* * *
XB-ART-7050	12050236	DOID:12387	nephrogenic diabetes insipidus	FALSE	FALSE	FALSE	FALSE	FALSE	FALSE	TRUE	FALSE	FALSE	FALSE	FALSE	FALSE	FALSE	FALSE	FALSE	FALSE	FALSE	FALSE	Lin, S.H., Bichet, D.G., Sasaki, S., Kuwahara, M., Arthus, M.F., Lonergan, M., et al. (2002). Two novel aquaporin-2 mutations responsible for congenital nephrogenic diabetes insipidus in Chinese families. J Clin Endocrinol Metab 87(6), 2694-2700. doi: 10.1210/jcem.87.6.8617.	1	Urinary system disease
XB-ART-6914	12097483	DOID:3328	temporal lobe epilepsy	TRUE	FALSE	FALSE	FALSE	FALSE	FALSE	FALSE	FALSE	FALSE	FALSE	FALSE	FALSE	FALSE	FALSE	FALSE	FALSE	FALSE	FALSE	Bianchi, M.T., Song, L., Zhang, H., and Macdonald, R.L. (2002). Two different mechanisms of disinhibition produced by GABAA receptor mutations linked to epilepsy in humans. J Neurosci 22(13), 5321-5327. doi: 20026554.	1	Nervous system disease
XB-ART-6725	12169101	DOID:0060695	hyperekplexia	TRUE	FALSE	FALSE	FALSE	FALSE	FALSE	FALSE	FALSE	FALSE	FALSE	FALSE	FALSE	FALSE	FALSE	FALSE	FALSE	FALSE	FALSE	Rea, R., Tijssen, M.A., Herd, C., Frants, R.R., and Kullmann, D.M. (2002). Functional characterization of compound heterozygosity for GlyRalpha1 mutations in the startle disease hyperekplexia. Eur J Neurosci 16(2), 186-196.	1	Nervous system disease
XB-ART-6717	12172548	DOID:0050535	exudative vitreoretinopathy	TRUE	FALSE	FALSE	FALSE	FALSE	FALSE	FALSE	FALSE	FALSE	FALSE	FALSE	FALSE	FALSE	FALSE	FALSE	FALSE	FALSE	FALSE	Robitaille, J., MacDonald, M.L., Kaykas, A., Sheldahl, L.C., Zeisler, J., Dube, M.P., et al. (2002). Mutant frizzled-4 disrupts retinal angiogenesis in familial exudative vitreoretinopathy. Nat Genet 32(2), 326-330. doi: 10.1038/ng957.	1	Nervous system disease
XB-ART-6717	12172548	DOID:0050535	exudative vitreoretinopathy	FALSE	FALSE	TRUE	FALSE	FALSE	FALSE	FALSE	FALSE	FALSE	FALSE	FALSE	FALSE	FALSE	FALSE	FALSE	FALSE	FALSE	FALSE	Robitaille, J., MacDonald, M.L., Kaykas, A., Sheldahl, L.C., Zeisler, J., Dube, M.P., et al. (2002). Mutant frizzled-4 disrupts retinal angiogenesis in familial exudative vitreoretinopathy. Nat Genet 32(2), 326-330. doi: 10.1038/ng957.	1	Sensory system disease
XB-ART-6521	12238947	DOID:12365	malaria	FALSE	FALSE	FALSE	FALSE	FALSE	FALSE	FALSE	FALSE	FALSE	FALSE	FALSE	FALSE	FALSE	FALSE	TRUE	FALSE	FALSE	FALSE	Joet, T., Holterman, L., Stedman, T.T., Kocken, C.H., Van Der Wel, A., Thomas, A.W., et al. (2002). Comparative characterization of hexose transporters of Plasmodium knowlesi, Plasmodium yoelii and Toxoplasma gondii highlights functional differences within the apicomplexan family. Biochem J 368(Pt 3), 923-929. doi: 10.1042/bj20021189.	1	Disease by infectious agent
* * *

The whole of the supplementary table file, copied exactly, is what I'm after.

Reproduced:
XB-ART-7050	12050236	DOID:12387	nephrogenic diabetes insipidus	FALSE	FALSE	FALSE	FALSE	FALSE	FALSE	TRUE	FALSE	FALSE	FALSE	FALSE	FALSE	FALSE	FALSE	FALSE	FALSE	FALSE	FALSE	Lin, S.H., Bichet, D.G., Sasaki, S., Kuwahara, M., Arthus, M.F., Lonergan, M., et al. (2002). Two novel aquaporin-2 mutations responsible for congenital nephrogenic diabetes insipidus in Chinese families. J Clin Endocrinol Metab 87(6), 2694-2700. doi: 10.1210/jcem.87.6.8617.	1	Urinary system disease
XB-ART-6914	12097483	DOID:3328	temporal lobe epilepsy	TRUE	FALSE	FALSE	FALSE	FALSE	FALSE	FALSE	FALSE	FALSE	FALSE	FALSE	FALSE	FALSE	FALSE	FALSE	FALSE	FALSE	FALSE	Bianchi, M.T., Song, L., Zhang, H., and Macdonald, R.L. (2002). Two different mechanisms of disinhibition produced by GABAA receptor mutations linked to epilepsy in humans. J Neurosci 22(13), 5321-5327. doi: 20026554.	1	Nervous system disease
XB-ART-6725	12169101	DOID:0060695	hyperekplexia	TRUE	FALSE	FALSE	FALSE	FALSE	FALSE	FALSE	FALSE	FALSE	FALSE	FALSE	FALSE	FALSE	FALSE	FALSE	FALSE	FALSE	FALSE	Rea, R., Tijssen, M.A., Herd, C., Frants, R.R., and Kullmann, D.M. (2002). Functional characterization of compound heterozygosity for GlyRalpha1 mutations in the startle disease hyperekplexia. Eur J Neurosci 16(2), 186-196.	1	Nervous system disease
XB-ART-6717	12172548	DOID:0050535	exudative vitreoretinopathy	TRUE	FALSE	FALSE	FALSE	FALSE	FALSE	FALSE	FALSE	FALSE	FALSE	FALSE	FALSE	FALSE	FALSE	FALSE	FALSE	FALSE	FALSE	Robitaille, J., MacDonald, M.L., Kaykas, A., Sheldahl, L.C., Zeisler, J., Dube, M.P., et al. (2002). Mutant frizzled-4 disrupts retinal angiogenesis in familial exudative vitreoretinopathy. Nat Genet 32(2), 326-330. doi: 10.1038/ng957.	1	Nervous system disease
XB-ART-6717	12172548	DOID:0050535	exudative vitreoretinopathy	FALSE	FALSE	TRUE	FALSE	FALSE	FALSE	FALSE	FALSE	FALSE	FALSE	FALSE	FALSE	FALSE	FALSE	FALSE	FALSE	FALSE	FALSE	Robitaille, J., MacDonald, M.L., Kaykas, A., Sheldahl, L.C., Zeisler, J., Dube, M.P., et al. (2002). Mutant frizzled-4 disrupts retinal angiogenesis in familial exudative vitreoretinopathy. Nat Genet 32(2), 326-330. doi: 10.1038/ng957.	1	Sensory system disease
XB-ART-6521	12238947	DOID:12365	malaria	FALSE	FALSE	FALSE	FALSE	FALSE	FALSE	FALSE	FALSE	FALSE	FALSE	FALSE	FALSE	FALSE	FALSE	TRUE	FALSE	FALSE	FALSE	Joet, T., Holterman, L., Stedman, T.T., Kocken, C.H., Van Der Wel, A., Thomas, A.W., et al. (2002). Comparative characterization of hexose transporters of Plasmodium knowlesi, Plasmodium yoelii and Toxoplasma gondii highlights functional differences within the apicomplexan family. Biochem J 368(Pt 3), 923-929. doi: 10.1042/bj20021189.	1	Disease by infectious agent